TEHRAN, Iran — Spouses of politicians rarely take center stage on Iran’s political scene and, for the most part, remain entirely out of the public eye. Few Iranians know very much about their presidents' wives, including their names. Effat Marashi, however, is an exception.
The wife of the late Ayatollah Akbar Hashemi Rafsanjani was born into a prominent clerical family. One year younger than her husband, she married Rafsanjani in 1959 at the age of 23, when the future two-time president of Iran was a young seminary student. Marashi would later become one of the most political and high-profile wives of an Iranian president.
Marashi wrote in her memoir, “Step by Step with the Cedar,” “I, Effat Marashi, am the wife of the devoted scholar, pious cleric, famous Iranian politician who was schooled in the discipline of the Household of the Prophet [Muhammad], a noble and honorable human being, his eminence Ayatollah Sheikh Akbar Hashemi Rafsanjani. The dear people of Iran mostly know of me because of two incidents. The first incident was in 1979, when I played a part in protecting my husband, who was miraculously saved, from an assassination attempt. The second incident is related to the 2009 presidential elections and the unfortunate incidents that took place following those elections. Certain sentences uttered by me while I was casting my vote at the Jamaran Prayer Hall were published by the media outlets and used as an excuse by the hard-liners to attack my husband and children.”
The assassination attempt took place in September 1979, a few months after the Islamic Revolution. Members of the militant group Furqan, at the time engaged in a series of attacks on revolutionary leaders, entered Rafsanjani’s home and tried to shoot him. Marashi confronted the gunmen and jumped in front of her husband, resulting in the bullets hitting his abdomen instead of his head. Her confrontation with the attackers, which Rafsanjani himself describes in his memoirs, resulted in them fleeing and Rafsanjani escaping death. Marashi's influential role in her husband’s political life and her bravery during the attempt on his life are laid out in Rafsanjani’s memoirs, in which he also discusses their disagreements on some political issues.
Marashi’s strength as a woman in Iranian political life, albeit most influentially behind the scenes, appears to have influenced her daughters, who are as politically active as her sons Mohsen and Mehdi and have never lived in the shadow of men. Indeed, Faezeh and Fatemeh have been even more politically active than their brothers, perhaps evidence of the absence of a stridently patriarchal atmosphere in the Rafsanjani household. It would not be surprising if Marashi were the one responsible for such an environment in her home.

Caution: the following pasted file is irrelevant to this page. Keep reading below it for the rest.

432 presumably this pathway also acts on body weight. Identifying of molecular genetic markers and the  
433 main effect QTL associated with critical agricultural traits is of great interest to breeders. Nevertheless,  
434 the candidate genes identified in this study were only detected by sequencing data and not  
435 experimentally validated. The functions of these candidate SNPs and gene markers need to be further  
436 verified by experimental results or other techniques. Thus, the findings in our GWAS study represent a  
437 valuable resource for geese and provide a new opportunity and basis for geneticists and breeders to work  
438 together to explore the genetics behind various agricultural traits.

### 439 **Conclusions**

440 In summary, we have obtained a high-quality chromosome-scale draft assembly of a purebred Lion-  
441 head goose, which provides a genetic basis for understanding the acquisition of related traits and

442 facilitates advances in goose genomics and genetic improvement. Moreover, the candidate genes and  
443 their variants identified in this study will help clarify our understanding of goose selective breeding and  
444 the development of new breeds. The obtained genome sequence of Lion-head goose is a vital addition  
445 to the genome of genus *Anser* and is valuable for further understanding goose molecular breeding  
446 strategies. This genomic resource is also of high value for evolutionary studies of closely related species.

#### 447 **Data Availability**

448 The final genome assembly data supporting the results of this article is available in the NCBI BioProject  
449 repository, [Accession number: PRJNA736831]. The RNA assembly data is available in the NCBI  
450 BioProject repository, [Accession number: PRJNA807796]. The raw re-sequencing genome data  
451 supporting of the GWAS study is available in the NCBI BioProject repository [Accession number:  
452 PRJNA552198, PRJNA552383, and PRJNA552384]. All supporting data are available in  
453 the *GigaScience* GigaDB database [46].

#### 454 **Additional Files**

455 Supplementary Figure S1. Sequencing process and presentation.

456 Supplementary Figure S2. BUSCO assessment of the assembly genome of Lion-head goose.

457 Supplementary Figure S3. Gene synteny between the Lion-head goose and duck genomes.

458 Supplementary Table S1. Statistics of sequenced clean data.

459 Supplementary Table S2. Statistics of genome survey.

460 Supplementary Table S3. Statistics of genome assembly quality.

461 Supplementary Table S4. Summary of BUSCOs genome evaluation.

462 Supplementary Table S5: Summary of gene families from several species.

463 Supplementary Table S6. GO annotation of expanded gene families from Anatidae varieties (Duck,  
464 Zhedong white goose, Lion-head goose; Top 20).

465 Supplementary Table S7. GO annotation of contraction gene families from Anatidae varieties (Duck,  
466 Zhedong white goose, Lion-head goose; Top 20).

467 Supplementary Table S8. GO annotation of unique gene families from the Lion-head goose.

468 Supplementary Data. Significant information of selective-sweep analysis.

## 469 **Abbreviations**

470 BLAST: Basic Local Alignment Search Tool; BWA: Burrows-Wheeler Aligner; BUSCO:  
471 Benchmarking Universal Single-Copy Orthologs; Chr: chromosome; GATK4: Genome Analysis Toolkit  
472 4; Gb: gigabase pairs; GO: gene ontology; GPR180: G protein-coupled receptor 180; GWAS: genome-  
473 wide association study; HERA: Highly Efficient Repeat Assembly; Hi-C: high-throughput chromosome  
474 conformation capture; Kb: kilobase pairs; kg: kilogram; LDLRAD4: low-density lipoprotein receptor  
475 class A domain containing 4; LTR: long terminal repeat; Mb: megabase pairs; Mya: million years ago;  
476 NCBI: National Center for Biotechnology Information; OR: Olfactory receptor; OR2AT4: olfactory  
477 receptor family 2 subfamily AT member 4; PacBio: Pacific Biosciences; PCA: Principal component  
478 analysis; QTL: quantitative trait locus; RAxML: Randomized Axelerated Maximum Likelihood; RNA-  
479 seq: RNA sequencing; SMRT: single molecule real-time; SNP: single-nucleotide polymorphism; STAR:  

The comments Marashi made in connection with the controversial 2009 presidential elections, which ushered Mahmoud Ahmadinejad to power for a second term, raised her profile. While casting her vote, Marashi told reporters, “If the elections are rigged, people should take to the streets.” Media outlets critical of Rafsanjani cited her comments in trying to paint the widespread post-election unrest as having been organized in advance by supporters of presidential candidates Mir Hossein Mousavi and Mehdi Karroubi, former Reformist President Mohammad Khatami and, of course, Rafsanjani.
A figure close to the Rafsanjani family who spoke to Al-Monitor on condition of anonymity said, “Mrs. Marashi is an unseen and hidden character who played a great role in Rafsanjani’s success. She is the one who kept Mr. Rafsanjani going all these years. More importantly, she is a member of the Marashi dynasty herself, a well-known Shiite clerical family.”
The source added, “During the crisis concerning [the cleric Hassan] Lahouti [Eshkevari], when some of his children were arrested after being accused of collaborating with the Mujahedeen-e-Khalq [MEK], Mrs. Marashi showed strength and managed the crisis from within the Abode [of the then-supreme leader, Ayatollah Ruhollah Khomeini].”
Lahouti, a revolutionary activist, had had connections with the MEK during the time of the shah. Although he parted ways with the MEK, he was suspected of having maintained connections with the group through his son Vahid, who was a member and was executed in 1981 after the MEK had become a sworn enemy of the Islamic Republic. Rafsanjani’s daughters were married to Lahouti’s sons Hamid and Said, so his arrest and subsequent death, reportedly from a heart attack in Evin prison on Oct. 29, 1981, caused a crisis for the Rafsanjani family given their familial ties.
After Rafsanjani's sudden death last month, Marashi again became a focus of attention, with Iranian media outlets examining the role she had played in Rafsanjani’s political life. Some of her statements and personal writings were published online, mainly concerning her extreme sadness at the loss of her husband.
The Marashis, apart from being a noted clerical family, are also prominent in Iranian politics. Her brother, Hossein Marashi, served two terms as a lawmaker and is currently the spokesman for the central council of the Executives of Construction, a Reformist party.
Given Effat Marashi’s half a century of experience at Rafsanjani's side, some analysts have speculated that she might become more active in politics in the coming years. Another source close to the Rafsanjani family who spoke to Al-Monitor on condition of anonymity said, however, “Mrs. Marashi is almost 82 years old, and I think it is unlikely that she has any plans to take the political stage. Also, she has always had enough courage to honestly express her own opinions. Ayatollah Hashemi was never a barrier for her [expressing herself], and thus there is no reason to think that with his death she will now have more opportunities to be politically active.”
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